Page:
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March 18: This Day in U.S. Military History in the 1800s


1818 – Congress passes the first Pension Act, which provides lifetime pensions authorized for veterans of the War for Independence with nine months Continental service in need of assistance.

1837 – Stephen Grover Cleveland was born in Caldwell, N.J. He was the 22nd (1885-1889) and 24th (1893-1897) president of the United States, the only President elected for two nonconsecutive terms.

1863 – Confederate women rioted in Salisbury, N.C. to protest the lack of flour and salt in the South.

1864 – The U.S. Sanitary Commission Fair in Washington, D.C., closes with President Lincoln commending the organization for its fine work. The Sanitary Commission formed in 1861, the creation of northern civilians concerned for Union troops’ medical care. The voluntary association raised more than $22 million in donations and medical supplies, and it represented a major contribution by Yankee women to the war effort. Although administered by men, the vast majority of its volunteers were women. The commission raised supplies and provided lodging and meals to wounded soldiers and troops returning home on furlough. It gathered medicine and bandages for the army and sent inspectors to the camps to oversee the set up of clean water supplies, latrines, and cooking facilities. Volunteers worked on the front lines as doctors and nurses helped evacuate wounded soldiers to the rear. Some generals and army doctors found commission workers to be annoying and troublesome, especially when they criticized army medical practices. One doctor complained about what he saw as “sensation preachers, village doctors, and strong-minded women” interfering with the doctors’ work. Some of these women included noted reformer Dorthea Dix and Mary Ann Bickerdyke, a tough no-nonsense church volunteer who became the commission’s agent to the Army of the Tennessee before the Battle of Shiloh. She was completely dedicated to caring for common soldiers, and she was not afraid to challenge doctors and officers when she thought their care was being compromised. At Chattanooga, she ordered timbers for breastworks burned to keep wounded soldiers warm–when military police asked her who had authorized the burning, she replied, “Under the authority of God Almighty. Have you got anything better than that?” The commission’s work fit 19th century women’s socially proscribed roles as caretakers and nurturers of men, but the work also allowed women to carve out their own careers, and it could be seen as a step forward for the women’s rights movement. Lincoln said at the closing of the Sanitation Commission Fair, “if all that has been said by orators and poets since the creation of the world in praise of women applied to the women of America, it would not do them justice for their conduct during this war.”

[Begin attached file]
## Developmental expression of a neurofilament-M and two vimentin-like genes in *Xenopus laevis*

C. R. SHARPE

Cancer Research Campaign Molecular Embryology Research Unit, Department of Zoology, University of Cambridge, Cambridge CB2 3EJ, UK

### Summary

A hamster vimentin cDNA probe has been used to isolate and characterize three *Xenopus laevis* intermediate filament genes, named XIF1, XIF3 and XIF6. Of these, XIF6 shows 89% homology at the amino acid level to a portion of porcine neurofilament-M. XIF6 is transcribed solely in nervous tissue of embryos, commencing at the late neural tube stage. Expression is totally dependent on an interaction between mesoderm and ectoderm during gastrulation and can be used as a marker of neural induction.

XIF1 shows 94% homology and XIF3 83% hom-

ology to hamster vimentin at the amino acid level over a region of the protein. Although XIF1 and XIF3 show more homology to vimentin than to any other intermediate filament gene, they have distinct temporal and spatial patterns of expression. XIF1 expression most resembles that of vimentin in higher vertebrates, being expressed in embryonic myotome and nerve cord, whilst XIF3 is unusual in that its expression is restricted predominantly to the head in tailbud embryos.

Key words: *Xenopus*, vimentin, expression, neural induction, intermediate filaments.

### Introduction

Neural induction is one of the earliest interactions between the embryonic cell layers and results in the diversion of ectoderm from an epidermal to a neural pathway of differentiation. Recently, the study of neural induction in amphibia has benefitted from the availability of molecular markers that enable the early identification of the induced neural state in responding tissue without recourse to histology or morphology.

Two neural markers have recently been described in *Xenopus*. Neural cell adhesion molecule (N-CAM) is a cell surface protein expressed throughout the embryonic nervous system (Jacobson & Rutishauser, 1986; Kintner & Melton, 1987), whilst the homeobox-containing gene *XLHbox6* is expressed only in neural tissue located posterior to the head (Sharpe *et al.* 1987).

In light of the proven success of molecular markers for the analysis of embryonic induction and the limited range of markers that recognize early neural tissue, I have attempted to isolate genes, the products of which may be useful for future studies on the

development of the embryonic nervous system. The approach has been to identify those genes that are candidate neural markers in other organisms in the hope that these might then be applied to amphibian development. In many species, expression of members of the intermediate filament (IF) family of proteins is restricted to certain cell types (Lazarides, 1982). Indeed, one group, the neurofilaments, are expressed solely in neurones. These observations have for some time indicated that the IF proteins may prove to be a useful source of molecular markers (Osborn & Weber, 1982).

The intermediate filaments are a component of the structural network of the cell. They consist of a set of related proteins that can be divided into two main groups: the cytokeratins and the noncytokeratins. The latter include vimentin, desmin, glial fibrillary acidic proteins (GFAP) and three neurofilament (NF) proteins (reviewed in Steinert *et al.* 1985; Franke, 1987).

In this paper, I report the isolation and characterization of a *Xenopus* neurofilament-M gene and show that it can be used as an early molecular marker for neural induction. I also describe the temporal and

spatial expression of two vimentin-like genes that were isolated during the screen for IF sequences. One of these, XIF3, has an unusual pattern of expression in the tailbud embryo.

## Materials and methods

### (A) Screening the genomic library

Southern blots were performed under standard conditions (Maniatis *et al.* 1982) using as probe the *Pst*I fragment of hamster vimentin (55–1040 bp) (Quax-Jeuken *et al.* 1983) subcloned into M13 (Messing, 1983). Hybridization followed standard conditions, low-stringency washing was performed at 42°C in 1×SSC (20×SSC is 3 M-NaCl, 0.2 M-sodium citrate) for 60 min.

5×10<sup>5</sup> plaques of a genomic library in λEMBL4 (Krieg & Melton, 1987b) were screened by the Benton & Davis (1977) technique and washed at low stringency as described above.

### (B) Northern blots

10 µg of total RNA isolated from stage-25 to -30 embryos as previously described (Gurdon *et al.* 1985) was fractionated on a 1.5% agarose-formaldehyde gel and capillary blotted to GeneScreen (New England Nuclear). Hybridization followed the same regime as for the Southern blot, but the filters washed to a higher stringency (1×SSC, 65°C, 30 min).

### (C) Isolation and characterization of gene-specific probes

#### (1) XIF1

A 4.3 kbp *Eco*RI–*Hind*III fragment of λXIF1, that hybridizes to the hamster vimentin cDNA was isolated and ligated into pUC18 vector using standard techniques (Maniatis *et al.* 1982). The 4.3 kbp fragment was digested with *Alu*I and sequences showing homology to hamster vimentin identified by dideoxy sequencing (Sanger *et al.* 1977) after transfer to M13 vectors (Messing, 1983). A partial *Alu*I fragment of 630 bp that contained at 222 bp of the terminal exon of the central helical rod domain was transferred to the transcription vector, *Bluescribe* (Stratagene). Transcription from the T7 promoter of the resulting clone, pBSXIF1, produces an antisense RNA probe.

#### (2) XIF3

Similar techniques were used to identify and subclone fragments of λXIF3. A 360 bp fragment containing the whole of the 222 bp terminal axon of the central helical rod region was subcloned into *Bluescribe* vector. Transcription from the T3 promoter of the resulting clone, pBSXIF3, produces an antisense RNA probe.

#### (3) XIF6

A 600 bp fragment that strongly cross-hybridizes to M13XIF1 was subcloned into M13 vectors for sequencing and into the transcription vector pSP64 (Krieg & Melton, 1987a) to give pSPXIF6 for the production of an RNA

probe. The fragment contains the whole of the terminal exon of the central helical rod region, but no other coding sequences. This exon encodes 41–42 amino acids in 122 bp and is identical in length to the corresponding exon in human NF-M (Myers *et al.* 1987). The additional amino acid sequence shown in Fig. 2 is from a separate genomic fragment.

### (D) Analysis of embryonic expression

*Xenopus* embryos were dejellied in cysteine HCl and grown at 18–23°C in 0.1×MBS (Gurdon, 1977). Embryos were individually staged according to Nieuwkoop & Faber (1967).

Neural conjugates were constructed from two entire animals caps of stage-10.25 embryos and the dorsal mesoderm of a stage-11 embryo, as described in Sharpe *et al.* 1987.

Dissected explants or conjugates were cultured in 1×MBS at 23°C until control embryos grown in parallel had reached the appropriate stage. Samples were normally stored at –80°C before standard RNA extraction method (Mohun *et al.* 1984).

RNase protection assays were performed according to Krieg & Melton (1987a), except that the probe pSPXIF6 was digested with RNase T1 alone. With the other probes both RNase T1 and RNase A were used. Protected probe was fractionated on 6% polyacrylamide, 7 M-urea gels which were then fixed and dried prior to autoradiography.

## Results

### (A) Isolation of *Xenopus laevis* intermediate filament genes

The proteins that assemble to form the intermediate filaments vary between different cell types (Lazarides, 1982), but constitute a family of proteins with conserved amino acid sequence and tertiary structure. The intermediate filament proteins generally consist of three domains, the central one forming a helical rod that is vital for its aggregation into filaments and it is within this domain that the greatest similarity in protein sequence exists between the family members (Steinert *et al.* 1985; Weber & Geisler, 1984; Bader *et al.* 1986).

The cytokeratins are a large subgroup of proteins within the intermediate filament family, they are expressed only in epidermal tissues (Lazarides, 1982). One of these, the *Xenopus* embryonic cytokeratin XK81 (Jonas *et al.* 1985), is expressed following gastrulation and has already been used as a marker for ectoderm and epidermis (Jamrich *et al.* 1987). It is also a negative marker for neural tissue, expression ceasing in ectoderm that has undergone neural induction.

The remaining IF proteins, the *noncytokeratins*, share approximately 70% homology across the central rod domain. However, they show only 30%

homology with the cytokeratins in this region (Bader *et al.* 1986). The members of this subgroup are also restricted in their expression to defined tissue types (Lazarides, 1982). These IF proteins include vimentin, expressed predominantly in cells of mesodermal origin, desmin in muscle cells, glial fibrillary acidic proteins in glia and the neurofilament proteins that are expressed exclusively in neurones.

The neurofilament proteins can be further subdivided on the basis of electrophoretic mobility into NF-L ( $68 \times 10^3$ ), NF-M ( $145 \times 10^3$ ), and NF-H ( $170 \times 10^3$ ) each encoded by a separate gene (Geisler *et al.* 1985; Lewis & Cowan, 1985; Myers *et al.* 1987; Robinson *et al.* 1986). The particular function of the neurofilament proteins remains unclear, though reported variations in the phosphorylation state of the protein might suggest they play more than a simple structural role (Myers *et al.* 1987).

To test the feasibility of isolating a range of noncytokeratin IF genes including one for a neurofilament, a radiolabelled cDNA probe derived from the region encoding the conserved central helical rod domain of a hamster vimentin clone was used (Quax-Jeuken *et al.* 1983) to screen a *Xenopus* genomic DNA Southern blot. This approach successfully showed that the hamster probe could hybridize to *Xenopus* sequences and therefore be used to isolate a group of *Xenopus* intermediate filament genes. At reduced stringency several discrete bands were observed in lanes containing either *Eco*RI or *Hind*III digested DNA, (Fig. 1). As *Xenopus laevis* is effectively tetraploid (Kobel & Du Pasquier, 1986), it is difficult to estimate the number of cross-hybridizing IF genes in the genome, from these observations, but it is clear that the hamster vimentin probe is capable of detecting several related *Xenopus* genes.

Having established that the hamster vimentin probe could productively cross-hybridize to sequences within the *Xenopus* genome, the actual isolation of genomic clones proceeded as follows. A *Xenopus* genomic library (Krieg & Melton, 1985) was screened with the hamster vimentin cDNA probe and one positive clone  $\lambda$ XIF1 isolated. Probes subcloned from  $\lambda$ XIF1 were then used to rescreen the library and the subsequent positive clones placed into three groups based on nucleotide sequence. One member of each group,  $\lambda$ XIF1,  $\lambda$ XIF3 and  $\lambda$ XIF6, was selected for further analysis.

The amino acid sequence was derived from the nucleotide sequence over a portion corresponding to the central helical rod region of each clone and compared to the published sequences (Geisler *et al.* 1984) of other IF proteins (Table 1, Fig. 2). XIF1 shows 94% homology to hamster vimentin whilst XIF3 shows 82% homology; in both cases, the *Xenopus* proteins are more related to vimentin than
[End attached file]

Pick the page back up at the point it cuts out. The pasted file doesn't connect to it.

1865 – The Congress of the Confederate States of America adjourned for the last time.

1865 – Battle of Wilson’s raid to Selma, AL.

1874 – Hawaii signed a treaty giving exclusive trading rights with the islands to the United States.

1880 – A Frenchman, Ferdinand de Lesseps is asked to testify before a House committee regarding the French Canal Company which is building the Panama Canal. De Lesseps attempts to assure the House that France has no official connection with the canal. Born on November 19, 1805 in Versailles, France. His Family was long distinguished in the French diplomatic service. At age 19, having studied law, he was appointed eleve-counsel to his uncle, then the French ambassador to Lisbon. He served in Tunis later with his father, until 1832 the year of his fathers death. Then came 7 years in Egypt, later Rotterdam, Malaga, Barcelona and Madrid. With the new Viceroy Mohammed Said in Egypt, whom de Lesseps had befriended years ago, he rushed to Cairo and soon the construction of the Suez Canal under his command began. November 17, 1869 the Gran Opening with luxuries ceremonies, a Cairo opera house had been built for the occasion and Verdi had been commissioned to write Aida. De Lesseps became a hero presented with many decorations. In 1875 de Lesseps made his first public declaration of interest in an interoceanic canal. On the first day of the new year of 1880, on board a steam launch standing of the mouth of the Rio Grande, de Lesseps young daughter Fernanda dug the first shovel of sand into a champagebox and the Panama Canal was symbolically begun. By the end of January 1881, the first group of French engineers of the Compagnie Universelle du Canal Interoceanique arrived at Colon and the great task of construction commenced. In the years to follow men and machinery poured into Panama to confront the geographical obstacles of the Isthmus: the backbone of the continental divide at the Culebra Cut and the mighty Chagres river.At this time the French stood at the pinnacle of 19th century engineering. Their finest engineers and machinery were sent to work. For 8 years a valiant and determined effort was made on the isthmus. The climate, with its torrential rains, incessant heat and fatal disease, took its toll. Financial mismanagement, stock failure and bad publicity eventually forced the failure of the company. The official end came on February 4th 1889 and the companies assets went into the hands of the liquidator. By may all work was halted on the isthmus. De Lesseps died in France in 1894.

1890 – The 1st US state naval militia was organized in Massachusetts.


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